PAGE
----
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Old English Law Indicates that "Six Months" is the Maximum Necessary and Proper Constitutional Limit on Tenure of Acting Cabinet Secretaries
Andrew Hyman

My co-bloggers Michael Ramsey and Michael Rappaport both say that the following act violated the Constitution's original meaning.  On February 13, 1795 Congress passed this law titled, "An Act to Amend the Act, entitled 'An Act Making Alterations in the Treasury and War Departments'" (emphasis added):

[I]n case of vacancy in the office of secretary of state, secretary of the treasury, or of the secretary of the department of war, or of any officer of either of the said departments, whose appointment is not in the head thereof, whereby they cannot perform the duties of their said respective offices, it shall be lawful for the president of the United States, in case he shall think it necessary, to authorize any person or persons, at his discretion, to perform the duties of the said respective offices, until a successor be appointed, or such vacancy be filled: Provided, That no one vacancy shall be supplied, in manner aforesaid, for a longer term than six months.

For reasons already explained, this statute seems in my view entirely consistent with the original meaning of the Constitution, as a necessary and proper effectuation of the executive power; the executive power is limited not just by the Appointments Clause, but also by the Take Care Clause which seems to be one of the clauses that provides for appointments.  Here is the Take Care Clause, with the Commission Clause added for context: "he shall take Care that the Laws be faithfully executed, and shall Commission all the Officers of the United States."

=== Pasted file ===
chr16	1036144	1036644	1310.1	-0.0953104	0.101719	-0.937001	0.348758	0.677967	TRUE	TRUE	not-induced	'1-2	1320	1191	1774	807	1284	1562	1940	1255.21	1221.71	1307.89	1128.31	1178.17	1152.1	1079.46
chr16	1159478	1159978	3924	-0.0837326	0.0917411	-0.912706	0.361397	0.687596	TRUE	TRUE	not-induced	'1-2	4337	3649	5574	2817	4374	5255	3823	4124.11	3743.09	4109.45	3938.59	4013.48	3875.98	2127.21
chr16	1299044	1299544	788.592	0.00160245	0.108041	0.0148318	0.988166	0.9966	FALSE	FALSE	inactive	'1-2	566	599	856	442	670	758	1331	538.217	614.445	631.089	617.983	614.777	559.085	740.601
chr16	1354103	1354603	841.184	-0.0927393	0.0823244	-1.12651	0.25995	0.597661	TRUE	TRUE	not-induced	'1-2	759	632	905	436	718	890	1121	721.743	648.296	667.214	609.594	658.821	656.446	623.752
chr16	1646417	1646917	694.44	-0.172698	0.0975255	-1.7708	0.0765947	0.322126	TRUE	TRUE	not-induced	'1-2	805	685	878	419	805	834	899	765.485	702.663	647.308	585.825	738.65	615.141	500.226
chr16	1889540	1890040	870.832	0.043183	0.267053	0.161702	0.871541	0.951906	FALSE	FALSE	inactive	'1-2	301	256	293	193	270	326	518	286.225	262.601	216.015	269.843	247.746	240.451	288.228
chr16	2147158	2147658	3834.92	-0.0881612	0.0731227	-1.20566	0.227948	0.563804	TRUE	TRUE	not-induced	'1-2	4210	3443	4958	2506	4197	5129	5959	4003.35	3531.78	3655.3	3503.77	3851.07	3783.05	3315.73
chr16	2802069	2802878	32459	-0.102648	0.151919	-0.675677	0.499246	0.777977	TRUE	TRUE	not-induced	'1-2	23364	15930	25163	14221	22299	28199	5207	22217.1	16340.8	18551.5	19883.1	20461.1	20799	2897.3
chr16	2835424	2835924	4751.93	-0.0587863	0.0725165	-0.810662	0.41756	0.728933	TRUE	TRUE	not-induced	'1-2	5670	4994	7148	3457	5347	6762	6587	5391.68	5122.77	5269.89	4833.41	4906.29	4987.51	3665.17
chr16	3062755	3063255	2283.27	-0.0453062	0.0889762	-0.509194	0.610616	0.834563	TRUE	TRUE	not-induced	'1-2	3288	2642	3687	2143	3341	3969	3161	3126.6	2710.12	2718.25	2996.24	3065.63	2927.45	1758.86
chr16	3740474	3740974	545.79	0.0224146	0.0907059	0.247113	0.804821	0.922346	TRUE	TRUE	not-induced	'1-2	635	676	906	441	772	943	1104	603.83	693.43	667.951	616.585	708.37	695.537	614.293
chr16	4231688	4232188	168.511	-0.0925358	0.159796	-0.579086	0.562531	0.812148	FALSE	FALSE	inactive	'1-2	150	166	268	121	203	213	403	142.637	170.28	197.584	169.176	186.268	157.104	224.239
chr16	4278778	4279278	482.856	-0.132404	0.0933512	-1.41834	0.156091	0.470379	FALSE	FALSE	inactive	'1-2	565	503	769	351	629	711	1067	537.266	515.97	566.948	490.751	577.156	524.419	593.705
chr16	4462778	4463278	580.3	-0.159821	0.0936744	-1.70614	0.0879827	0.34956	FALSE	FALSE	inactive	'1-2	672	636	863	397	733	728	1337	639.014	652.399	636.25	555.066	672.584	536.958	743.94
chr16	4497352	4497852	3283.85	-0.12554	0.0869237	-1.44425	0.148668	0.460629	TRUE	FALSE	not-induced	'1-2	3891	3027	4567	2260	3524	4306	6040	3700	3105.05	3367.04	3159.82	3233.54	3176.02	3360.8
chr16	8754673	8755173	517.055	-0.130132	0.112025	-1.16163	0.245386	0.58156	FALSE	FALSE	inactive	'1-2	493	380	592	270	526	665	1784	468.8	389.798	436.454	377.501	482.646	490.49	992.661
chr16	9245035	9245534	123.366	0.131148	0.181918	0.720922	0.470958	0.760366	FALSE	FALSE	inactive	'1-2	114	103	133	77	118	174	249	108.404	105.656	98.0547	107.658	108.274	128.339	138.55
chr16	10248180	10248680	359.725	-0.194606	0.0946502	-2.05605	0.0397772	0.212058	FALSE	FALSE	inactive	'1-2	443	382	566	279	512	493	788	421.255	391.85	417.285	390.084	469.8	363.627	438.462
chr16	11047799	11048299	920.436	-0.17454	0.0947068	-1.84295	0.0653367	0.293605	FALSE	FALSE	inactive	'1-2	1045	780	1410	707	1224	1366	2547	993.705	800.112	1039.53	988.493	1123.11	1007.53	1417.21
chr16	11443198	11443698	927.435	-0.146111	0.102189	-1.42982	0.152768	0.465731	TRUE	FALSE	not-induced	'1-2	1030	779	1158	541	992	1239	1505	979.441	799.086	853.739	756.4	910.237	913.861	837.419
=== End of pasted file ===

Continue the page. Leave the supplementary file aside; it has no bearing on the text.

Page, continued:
The 1795 statute that I quoted above places a "six month" limit on acting cabinet secretaries, and I want to point out now that this was a longstanding limit under old English law.  Here is what the legal lexicographer Giles Jacob wrote in 1762 (emphasis added):

All officers civil and military are to take the oaths, and receive the sacrament, etc., upon pain of disability and other penalties. Stat. 25 Car. 2. 13 W. 3.  And no such office shall be void on the death of the King, but shall continue six months; unless superseded, or made void by the next successor.  1 Ann. c. 8....[A]ll persons who shall hereafter be admitted into any office, shall take the oaths, and within six months, or actually be liable to all penalties and disabilities, by Stat. 9 Geo. 2, c. 26 and 16 Geo. 2. c. 30.

The first part about “successors” explains why John Jay could serve for six months in an acting capacity after Congress established his department under the Constitution, but could not have served as Acting Secretary of State until his death in 1829.  As a whole, this blockquote explains why Congress in 1795 would have thought a six-month grace period was a necessary and proper limit on acting cabinet secretaries.  My main point is that the “six month” duration was not plucked from thin air, but rather was part of an old English principle, reasonably adapted to our republican form of government that Americans substituted in place of monarchy.  If, as Mike Ramsey argues, the Constitution by "mistake" set zero months instead of six months as the limit on acting cabinet secretaries, except for holdovers from the Articles of Confederation who could constitutionally continue serving forever, then it seems likely that people in the eighteenth century would have proposed a constitutional amendment once they realized the purported mistake.